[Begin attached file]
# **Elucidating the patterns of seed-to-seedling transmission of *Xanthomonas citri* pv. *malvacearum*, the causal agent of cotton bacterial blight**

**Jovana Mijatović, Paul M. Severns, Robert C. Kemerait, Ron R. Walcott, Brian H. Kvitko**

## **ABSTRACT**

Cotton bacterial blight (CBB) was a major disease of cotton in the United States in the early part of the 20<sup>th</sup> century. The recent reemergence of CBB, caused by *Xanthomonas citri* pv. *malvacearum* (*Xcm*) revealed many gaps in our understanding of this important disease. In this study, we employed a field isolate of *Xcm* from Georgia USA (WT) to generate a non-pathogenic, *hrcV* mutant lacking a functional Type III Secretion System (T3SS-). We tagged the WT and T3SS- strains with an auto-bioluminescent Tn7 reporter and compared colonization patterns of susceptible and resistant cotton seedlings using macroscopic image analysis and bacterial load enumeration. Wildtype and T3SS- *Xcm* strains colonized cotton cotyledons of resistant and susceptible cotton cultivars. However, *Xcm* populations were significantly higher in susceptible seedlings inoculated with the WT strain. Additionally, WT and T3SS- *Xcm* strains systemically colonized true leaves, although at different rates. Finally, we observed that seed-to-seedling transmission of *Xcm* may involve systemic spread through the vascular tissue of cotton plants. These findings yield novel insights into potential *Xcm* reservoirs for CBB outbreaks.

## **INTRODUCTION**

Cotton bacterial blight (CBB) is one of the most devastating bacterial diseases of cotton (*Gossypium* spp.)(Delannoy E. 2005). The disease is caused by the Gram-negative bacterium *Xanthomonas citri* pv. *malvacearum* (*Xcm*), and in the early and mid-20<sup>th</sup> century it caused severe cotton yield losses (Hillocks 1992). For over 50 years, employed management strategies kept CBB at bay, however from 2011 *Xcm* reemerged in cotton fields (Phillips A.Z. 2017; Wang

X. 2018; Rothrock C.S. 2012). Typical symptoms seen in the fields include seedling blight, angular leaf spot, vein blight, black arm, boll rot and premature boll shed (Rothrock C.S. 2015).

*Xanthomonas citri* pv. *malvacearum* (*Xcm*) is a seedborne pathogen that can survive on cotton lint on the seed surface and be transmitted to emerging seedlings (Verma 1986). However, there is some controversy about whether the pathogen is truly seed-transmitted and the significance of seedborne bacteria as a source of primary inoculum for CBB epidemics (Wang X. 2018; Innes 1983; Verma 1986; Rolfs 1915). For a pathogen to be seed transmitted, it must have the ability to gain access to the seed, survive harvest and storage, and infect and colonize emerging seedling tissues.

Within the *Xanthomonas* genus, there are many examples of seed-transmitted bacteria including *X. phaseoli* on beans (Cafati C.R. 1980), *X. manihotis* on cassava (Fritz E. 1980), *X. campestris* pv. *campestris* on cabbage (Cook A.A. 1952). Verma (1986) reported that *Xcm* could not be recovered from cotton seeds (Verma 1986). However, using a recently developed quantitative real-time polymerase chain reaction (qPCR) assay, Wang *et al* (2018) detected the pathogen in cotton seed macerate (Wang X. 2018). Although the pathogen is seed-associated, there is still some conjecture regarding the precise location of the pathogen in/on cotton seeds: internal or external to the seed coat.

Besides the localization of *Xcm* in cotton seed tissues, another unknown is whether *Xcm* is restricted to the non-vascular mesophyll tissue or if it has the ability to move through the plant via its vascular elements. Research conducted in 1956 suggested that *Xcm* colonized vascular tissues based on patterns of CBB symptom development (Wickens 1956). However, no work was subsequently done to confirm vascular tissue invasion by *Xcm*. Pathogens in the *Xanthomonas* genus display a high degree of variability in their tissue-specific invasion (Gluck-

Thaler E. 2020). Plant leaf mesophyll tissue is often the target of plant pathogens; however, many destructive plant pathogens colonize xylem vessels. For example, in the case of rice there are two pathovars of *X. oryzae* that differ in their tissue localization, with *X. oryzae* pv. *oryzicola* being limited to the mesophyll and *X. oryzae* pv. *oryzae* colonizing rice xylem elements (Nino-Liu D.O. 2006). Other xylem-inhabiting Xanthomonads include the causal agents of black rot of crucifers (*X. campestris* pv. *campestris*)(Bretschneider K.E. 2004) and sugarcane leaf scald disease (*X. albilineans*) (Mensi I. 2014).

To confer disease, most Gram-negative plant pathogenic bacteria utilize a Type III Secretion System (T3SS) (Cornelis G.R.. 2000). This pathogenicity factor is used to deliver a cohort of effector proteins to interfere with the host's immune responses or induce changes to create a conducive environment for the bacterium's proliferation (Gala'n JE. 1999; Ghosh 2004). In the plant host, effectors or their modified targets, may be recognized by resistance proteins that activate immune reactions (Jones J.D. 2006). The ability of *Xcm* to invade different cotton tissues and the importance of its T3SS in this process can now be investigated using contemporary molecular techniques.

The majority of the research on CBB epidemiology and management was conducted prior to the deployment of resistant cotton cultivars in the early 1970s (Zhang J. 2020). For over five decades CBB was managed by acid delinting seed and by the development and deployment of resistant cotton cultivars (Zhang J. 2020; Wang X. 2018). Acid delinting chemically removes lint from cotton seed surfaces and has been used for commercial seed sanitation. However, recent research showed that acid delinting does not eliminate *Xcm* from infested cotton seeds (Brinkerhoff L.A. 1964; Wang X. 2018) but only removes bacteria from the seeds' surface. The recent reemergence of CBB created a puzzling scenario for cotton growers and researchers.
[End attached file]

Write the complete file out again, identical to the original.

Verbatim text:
# **Elucidating the patterns of seed-to-seedling transmission of *Xanthomonas citri* pv. *malvacearum*, the causal agent of cotton bacterial blight**

**Jovana Mijatović, Paul M. Severns, Robert C. Kemerait, Ron R. Walcott, Brian H. Kvitko**

## **ABSTRACT**

Cotton bacterial blight (CBB) was a major disease of cotton in the United States in the early part of the 20<sup>th</sup> century. The recent reemergence of CBB, caused by *Xanthomonas citri* pv. *malvacearum* (*Xcm*) revealed many gaps in our understanding of this important disease. In this study, we employed a field isolate of *Xcm* from Georgia USA (WT) to generate a non-pathogenic, *hrcV* mutant lacking a functional Type III Secretion System (T3SS-). We tagged the WT and T3SS- strains with an auto-bioluminescent Tn7 reporter and compared colonization patterns of susceptible and resistant cotton seedlings using macroscopic image analysis and bacterial load enumeration. Wildtype and T3SS- *Xcm* strains colonized cotton cotyledons of resistant and susceptible cotton cultivars. However, *Xcm* populations were significantly higher in susceptible seedlings inoculated with the WT strain. Additionally, WT and T3SS- *Xcm* strains systemically colonized true leaves, although at different rates. Finally, we observed that seed-to-seedling transmission of *Xcm* may involve systemic spread through the vascular tissue of cotton plants. These findings yield novel insights into potential *Xcm* reservoirs for CBB outbreaks.

## **INTRODUCTION**

Cotton bacterial blight (CBB) is one of the most devastating bacterial diseases of cotton (*Gossypium* spp.)(Delannoy E. 2005). The disease is caused by the Gram-negative bacterium *Xanthomonas citri* pv. *malvacearum* (*Xcm*), and in the early and mid-20<sup>th</sup> century it caused severe cotton yield losses (Hillocks 1992). For over 50 years, employed management strategies kept CBB at bay, however from 2011 *Xcm* reemerged in cotton fields (Phillips A.Z. 2017; Wang

X. 2018; Rothrock C.S. 2012). Typical symptoms seen in the fields include seedling blight, angular leaf spot, vein blight, black arm, boll rot and premature boll shed (Rothrock C.S. 2015).

*Xanthomonas citri* pv. *malvacearum* (*Xcm*) is a seedborne pathogen that can survive on cotton lint on the seed surface and be transmitted to emerging seedlings (Verma 1986). However, there is some controversy about whether the pathogen is truly seed-transmitted and the significance of seedborne bacteria as a source of primary inoculum for CBB epidemics (Wang X. 2018; Innes 1983; Verma 1986; Rolfs 1915). For a pathogen to be seed transmitted, it must have the ability to gain access to the seed, survive harvest and storage, and infect and colonize emerging seedling tissues.

Within the *Xanthomonas* genus, there are many examples of seed-transmitted bacteria including *X. phaseoli* on beans (Cafati C.R. 1980), *X. manihotis* on cassava (Fritz E. 1980), *X. campestris* pv. *campestris* on cabbage (Cook A.A. 1952). Verma (1986) reported that *Xcm* could not be recovered from cotton seeds (Verma 1986). However, using a recently developed quantitative real-time polymerase chain reaction (qPCR) assay, Wang *et al* (2018) detected the pathogen in cotton seed macerate (Wang X. 2018). Although the pathogen is seed-associated, there is still some conjecture regarding the precise location of the pathogen in/on cotton seeds: internal or external to the seed coat.

Besides the localization of *Xcm* in cotton seed tissues, another unknown is whether *Xcm* is restricted to the non-vascular mesophyll tissue or if it has the ability to move through the plant via its vascular elements. Research conducted in 1956 suggested that *Xcm* colonized vascular tissues based on patterns of CBB symptom development (Wickens 1956). However, no work was subsequently done to confirm vascular tissue invasion by *Xcm*. Pathogens in the *Xanthomonas* genus display a high degree of variability in their tissue-specific invasion (Gluck-

Thaler E. 2020). Plant leaf mesophyll tissue is often the target of plant pathogens; however, many destructive plant pathogens colonize xylem vessels. For example, in the case of rice there are two pathovars of *X. oryzae* that differ in their tissue localization, with *X. oryzae* pv. *oryzicola* being limited to the mesophyll and *X. oryzae* pv. *oryzae* colonizing rice xylem elements (Nino-Liu D.O. 2006). Other xylem-inhabiting Xanthomonads include the causal agents of black rot of crucifers (*X. campestris* pv. *campestris*)(Bretschneider K.E. 2004) and sugarcane leaf scald disease (*X. albilineans*) (Mensi I. 2014).

To confer disease, most Gram-negative plant pathogenic bacteria utilize a Type III Secretion System (T3SS) (Cornelis G.R.. 2000). This pathogenicity factor is used to deliver a cohort of effector proteins to interfere with the host's immune responses or induce changes to create a conducive environment for the bacterium's proliferation (Gala'n JE. 1999; Ghosh 2004). In the plant host, effectors or their modified targets, may be recognized by resistance proteins that activate immune reactions (Jones J.D. 2006). The ability of *Xcm* to invade different cotton tissues and the importance of its T3SS in this process can now be investigated using contemporary molecular techniques.

The majority of the research on CBB epidemiology and management was conducted prior to the deployment of resistant cotton cultivars in the early 1970s (Zhang J. 2020). For over five decades CBB was managed by acid delinting seed and by the development and deployment of resistant cotton cultivars (Zhang J. 2020; Wang X. 2018). Acid delinting chemically removes lint from cotton seed surfaces and has been used for commercial seed sanitation. However, recent research showed that acid delinting does not eliminate *Xcm* from infested cotton seeds (Brinkerhoff L.A. 1964; Wang X. 2018) but only removes bacteria from the seeds' surface. The recent reemergence of CBB created a puzzling scenario for cotton growers and researchers.